Australian rock star to run for parliament
Author: Belinda Goldsmith
Labour leader Mark Latham invited Peter Garrett, 51, to run for the party in a safe Sydney seat, all but guaranteeing him a place in parliament after the election tipped for October.
"He brings passion, conviction, energy to our cause and that's very important," said Latham, 43, a new generation leader who has reinvigorated Labour since taking over six months ago.
Garrett, an imposing figure at nearly seven feet tall (two metres) and totally bald, is known as a fierce environmental campaigner and strong critic of the United States.
His views are likely to put him on a collision course with Prime Minister John Howard's conservative government, a strong U.S. ally that sent troops to Iraq.
Polls show Labour neck-and-neck with Howard's eight-year-old government and Latham is keen to capitalise on Garrett's appeal to young and green voters. Howard, after 30 years in parliament, tends to appeal more to older, more conservative voters.
Latham has brushed aside complaints within Labor over Garrett's recruitment. Critics within centre-left Labor resent an outsider being given a ticket to parliament.
Howard, 64, who says he is facing the fight of his life to retain power this year, attacked Garrett's environmental policies.
"You don't want extreme green attitudes because extreme green attitudes are anti-investment and anti-jobs," Howard said yesterday in the west Australian city of Perth after Garrett's candidature was announced in Sydney by Latham.
Garrett, a seasoned political activist who quit Midnight Oil in 2002 after more than two decades, brushed off the criticism that he was selling out by joining Labor. He also denied media reports that he had not voted in the past three elections.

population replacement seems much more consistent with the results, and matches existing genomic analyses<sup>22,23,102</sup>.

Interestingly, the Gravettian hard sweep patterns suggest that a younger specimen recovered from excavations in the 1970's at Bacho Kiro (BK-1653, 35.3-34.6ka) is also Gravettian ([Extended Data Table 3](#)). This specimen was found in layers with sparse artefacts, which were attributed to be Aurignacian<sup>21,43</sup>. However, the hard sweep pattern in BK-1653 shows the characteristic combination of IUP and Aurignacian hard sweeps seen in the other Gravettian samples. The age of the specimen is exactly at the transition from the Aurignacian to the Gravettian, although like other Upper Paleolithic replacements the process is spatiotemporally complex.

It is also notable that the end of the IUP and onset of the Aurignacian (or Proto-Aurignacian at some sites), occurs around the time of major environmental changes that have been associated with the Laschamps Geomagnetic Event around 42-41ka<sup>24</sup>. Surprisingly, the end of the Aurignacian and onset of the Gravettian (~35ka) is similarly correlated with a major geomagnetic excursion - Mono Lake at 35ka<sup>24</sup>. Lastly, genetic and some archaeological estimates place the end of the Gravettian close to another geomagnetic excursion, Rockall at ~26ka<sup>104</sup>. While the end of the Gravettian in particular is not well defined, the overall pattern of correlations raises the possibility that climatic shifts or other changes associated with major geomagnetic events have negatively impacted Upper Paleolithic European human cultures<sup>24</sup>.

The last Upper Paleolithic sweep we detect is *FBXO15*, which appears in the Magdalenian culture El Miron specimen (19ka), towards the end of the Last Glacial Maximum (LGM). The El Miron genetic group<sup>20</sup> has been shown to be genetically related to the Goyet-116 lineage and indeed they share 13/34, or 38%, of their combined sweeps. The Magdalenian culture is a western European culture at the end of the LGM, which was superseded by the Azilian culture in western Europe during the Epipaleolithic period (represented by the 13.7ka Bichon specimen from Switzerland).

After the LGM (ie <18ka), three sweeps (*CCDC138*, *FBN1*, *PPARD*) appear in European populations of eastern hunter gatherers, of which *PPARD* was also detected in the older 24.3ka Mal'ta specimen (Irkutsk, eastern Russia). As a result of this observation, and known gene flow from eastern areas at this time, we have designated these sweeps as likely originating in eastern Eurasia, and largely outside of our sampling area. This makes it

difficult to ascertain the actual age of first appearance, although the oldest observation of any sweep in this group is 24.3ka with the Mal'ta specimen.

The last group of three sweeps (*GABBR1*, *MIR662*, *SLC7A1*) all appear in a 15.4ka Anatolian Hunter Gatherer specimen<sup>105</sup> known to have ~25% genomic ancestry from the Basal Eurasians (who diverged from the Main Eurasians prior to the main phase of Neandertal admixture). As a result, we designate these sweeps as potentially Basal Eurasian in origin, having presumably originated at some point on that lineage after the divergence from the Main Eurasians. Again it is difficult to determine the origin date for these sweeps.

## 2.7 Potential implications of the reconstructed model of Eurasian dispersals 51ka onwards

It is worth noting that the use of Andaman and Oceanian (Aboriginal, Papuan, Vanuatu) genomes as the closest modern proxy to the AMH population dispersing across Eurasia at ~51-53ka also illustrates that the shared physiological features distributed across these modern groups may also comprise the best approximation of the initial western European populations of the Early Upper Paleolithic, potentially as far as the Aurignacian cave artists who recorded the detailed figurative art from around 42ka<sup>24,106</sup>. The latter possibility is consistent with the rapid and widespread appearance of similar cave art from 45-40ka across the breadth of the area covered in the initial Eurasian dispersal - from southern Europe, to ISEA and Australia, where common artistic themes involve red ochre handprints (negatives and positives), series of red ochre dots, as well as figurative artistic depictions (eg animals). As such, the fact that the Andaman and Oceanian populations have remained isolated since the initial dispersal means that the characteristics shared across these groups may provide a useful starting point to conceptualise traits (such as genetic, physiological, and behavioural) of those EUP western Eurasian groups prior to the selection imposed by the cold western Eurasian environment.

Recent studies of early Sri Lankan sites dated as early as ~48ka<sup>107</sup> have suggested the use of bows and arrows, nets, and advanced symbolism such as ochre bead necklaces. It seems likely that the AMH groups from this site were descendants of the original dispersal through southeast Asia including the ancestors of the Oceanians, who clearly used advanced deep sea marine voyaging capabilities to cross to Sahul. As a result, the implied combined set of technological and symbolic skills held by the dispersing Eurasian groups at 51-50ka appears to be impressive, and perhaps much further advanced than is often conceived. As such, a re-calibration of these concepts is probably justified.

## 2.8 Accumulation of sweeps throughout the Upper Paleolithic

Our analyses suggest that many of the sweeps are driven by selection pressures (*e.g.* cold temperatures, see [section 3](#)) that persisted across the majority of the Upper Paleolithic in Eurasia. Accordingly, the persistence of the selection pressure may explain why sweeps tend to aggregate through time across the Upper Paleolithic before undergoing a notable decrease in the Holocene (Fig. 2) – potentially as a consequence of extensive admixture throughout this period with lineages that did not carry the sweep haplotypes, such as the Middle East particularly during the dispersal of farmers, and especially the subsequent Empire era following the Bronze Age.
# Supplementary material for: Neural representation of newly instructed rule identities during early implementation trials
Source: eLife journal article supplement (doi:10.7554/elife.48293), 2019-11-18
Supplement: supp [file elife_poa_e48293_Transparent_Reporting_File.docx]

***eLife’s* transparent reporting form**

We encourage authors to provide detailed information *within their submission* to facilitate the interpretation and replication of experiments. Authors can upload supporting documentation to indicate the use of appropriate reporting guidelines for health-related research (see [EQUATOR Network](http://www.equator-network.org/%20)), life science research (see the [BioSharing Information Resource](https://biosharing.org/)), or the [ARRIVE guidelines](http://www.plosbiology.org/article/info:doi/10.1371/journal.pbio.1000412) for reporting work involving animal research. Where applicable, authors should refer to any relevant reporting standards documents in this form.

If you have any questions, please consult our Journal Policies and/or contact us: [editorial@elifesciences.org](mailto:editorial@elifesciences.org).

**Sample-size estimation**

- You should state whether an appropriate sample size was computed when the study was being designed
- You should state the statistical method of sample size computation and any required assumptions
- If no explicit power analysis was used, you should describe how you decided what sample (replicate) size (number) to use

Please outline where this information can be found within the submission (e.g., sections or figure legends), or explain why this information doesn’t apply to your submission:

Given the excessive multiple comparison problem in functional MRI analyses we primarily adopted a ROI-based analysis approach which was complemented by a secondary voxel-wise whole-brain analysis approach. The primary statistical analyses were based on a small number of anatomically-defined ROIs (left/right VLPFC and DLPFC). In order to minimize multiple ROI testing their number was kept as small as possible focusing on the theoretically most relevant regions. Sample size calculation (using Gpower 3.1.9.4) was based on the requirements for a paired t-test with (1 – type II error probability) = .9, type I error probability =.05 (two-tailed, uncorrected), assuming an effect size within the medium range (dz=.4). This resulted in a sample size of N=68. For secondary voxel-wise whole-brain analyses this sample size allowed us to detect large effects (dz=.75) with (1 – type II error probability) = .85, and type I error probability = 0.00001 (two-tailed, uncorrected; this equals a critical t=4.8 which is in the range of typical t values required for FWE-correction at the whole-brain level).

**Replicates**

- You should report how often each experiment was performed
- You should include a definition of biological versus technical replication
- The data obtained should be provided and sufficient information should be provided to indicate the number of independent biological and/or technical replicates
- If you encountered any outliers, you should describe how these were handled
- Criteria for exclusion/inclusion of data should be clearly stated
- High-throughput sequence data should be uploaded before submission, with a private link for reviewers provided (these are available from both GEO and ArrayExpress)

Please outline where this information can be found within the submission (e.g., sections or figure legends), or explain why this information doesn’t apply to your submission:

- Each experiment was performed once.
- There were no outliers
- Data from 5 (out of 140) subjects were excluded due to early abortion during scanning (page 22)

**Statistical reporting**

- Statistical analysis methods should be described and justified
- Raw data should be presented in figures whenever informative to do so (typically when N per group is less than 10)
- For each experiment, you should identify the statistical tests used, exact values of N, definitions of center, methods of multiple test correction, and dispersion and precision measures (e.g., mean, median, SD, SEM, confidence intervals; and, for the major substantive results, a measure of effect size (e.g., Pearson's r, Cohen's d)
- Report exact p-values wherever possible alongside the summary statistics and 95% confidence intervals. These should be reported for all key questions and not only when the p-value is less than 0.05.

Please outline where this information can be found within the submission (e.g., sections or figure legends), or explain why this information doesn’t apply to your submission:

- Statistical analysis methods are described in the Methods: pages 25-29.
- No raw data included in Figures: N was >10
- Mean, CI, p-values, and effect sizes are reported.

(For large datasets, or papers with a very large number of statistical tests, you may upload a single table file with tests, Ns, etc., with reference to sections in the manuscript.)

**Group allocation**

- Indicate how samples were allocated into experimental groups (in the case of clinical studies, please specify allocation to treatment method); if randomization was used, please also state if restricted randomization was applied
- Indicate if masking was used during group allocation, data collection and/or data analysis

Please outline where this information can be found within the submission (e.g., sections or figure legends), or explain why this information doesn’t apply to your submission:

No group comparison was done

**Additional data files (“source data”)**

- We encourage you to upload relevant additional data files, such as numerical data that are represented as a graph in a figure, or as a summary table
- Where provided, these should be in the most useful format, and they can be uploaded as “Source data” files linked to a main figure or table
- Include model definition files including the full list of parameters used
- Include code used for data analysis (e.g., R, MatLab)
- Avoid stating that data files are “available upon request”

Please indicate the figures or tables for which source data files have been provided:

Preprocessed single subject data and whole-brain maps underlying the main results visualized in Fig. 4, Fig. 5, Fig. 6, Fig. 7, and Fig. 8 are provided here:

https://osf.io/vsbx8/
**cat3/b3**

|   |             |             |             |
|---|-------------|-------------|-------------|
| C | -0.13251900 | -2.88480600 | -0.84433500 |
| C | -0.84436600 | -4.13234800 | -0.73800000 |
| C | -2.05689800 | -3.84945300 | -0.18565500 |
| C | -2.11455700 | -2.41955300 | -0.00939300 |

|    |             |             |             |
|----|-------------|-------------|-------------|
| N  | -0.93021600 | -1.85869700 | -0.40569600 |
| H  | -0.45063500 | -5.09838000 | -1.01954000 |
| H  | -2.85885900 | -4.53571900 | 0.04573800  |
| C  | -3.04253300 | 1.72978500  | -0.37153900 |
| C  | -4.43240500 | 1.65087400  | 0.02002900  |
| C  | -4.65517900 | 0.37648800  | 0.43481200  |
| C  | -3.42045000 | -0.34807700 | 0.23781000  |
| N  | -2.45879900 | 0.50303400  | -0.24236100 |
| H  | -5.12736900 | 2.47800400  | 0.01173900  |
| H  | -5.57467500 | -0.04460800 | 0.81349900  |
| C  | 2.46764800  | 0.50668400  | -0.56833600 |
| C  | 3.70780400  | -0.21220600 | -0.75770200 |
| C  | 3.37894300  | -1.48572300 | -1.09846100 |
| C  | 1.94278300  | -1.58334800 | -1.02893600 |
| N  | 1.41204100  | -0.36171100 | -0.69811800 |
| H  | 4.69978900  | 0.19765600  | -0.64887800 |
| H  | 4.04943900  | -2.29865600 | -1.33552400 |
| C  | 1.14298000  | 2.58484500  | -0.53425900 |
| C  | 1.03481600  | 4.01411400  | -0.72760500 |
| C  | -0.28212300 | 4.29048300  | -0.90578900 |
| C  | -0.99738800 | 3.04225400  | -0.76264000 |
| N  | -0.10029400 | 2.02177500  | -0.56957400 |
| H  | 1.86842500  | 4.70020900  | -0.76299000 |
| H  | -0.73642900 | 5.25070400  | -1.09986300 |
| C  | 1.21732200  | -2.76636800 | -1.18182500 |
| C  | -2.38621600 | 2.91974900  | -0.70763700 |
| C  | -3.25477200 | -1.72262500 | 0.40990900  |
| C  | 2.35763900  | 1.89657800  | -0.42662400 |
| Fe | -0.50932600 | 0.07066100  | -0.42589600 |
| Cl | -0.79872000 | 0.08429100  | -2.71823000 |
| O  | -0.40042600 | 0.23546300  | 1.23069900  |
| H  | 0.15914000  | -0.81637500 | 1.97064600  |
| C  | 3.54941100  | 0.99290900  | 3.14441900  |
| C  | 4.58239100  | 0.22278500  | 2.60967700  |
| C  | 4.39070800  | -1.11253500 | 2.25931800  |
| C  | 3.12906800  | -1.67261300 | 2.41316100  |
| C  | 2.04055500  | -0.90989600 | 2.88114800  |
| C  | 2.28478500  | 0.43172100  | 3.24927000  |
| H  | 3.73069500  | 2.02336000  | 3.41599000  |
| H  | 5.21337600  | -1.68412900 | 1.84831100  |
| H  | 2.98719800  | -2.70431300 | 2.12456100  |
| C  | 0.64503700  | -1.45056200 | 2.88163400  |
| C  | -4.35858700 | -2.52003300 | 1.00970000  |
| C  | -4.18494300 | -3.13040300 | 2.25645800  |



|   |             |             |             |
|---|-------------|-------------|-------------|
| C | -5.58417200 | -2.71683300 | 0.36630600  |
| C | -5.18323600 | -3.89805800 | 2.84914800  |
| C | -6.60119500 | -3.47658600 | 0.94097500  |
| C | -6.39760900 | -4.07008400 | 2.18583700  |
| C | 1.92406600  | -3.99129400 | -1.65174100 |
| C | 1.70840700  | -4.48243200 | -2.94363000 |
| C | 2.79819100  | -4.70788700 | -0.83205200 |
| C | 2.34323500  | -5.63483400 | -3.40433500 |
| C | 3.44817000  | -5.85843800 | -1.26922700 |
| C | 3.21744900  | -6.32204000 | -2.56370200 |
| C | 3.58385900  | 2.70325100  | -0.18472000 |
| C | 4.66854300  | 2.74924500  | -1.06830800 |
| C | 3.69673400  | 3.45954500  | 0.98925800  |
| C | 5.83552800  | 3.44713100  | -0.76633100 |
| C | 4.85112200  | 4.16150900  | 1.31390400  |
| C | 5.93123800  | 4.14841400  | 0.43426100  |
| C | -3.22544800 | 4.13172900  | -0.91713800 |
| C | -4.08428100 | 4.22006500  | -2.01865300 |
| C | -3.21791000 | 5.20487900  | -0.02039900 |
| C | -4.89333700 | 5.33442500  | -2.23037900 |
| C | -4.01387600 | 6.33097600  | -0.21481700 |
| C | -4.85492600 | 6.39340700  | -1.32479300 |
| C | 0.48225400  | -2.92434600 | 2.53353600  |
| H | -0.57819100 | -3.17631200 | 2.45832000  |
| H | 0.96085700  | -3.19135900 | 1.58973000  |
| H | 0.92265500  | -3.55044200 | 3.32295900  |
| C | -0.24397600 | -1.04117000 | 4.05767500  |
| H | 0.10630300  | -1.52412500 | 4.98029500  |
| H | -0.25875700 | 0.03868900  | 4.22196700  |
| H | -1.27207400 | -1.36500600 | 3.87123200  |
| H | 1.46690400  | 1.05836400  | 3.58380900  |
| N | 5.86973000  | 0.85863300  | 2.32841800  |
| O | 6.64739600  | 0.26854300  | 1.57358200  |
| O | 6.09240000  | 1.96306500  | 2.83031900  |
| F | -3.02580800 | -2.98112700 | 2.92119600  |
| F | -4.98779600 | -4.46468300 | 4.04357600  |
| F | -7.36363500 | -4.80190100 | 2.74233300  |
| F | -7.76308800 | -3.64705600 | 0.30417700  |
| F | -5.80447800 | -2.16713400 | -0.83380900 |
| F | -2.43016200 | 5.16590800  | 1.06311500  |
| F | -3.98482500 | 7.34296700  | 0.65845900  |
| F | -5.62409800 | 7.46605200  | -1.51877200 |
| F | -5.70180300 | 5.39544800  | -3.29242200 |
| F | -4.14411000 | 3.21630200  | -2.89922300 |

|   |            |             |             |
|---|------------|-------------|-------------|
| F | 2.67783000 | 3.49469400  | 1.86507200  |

WORLD HAS CHANGED
He said the world had changed since 1984 when he was narrowly defeated for a seat in parliament's Senate, or upper house, when he ran for the Nuclear Disarmament Party.
"It's terrorism now, not nuclear disarmament," Garrett told reporters in Sydney, adding he no longer opposed the Pine Gap U.S. spy base in the Australian outback which he condemned in the song "U.S. Forces".
"The policies Labor has satisfy me that they're appropriate policies for this country to serve the national security."
Latham, who objected to the U.S-led war in Iraq, has promised to bring the 850 Australian troops home by Christmas if he wins power while Howard wants them to remain until "the job is done".
Besides security and the environment, Garrett is also at odds with the government over the sensitive issue of Aborigines.
Midnight Oil's "Beds Are Burning" song calls for reconciliation with black Australia and the band played it at the close of the Sydney 2000 Olympics.
"The time has come, a fact's a fact, it belongs to them, let's give it back," sang Garrett at the Olympics, with all the band members wearing T-shirts with the word "Sorry".
Australia's 400,000 Aborigines and Torres Strait Islanders, two percent of the population, die 20 years younger than other Australians and suffer far higher rates of unemployment and alcohol and drug abuse.
Howard has refused to issue a formal apology to Aborigines for injustices since white settlement in 1788. Latham has promised a Labor government would apologise.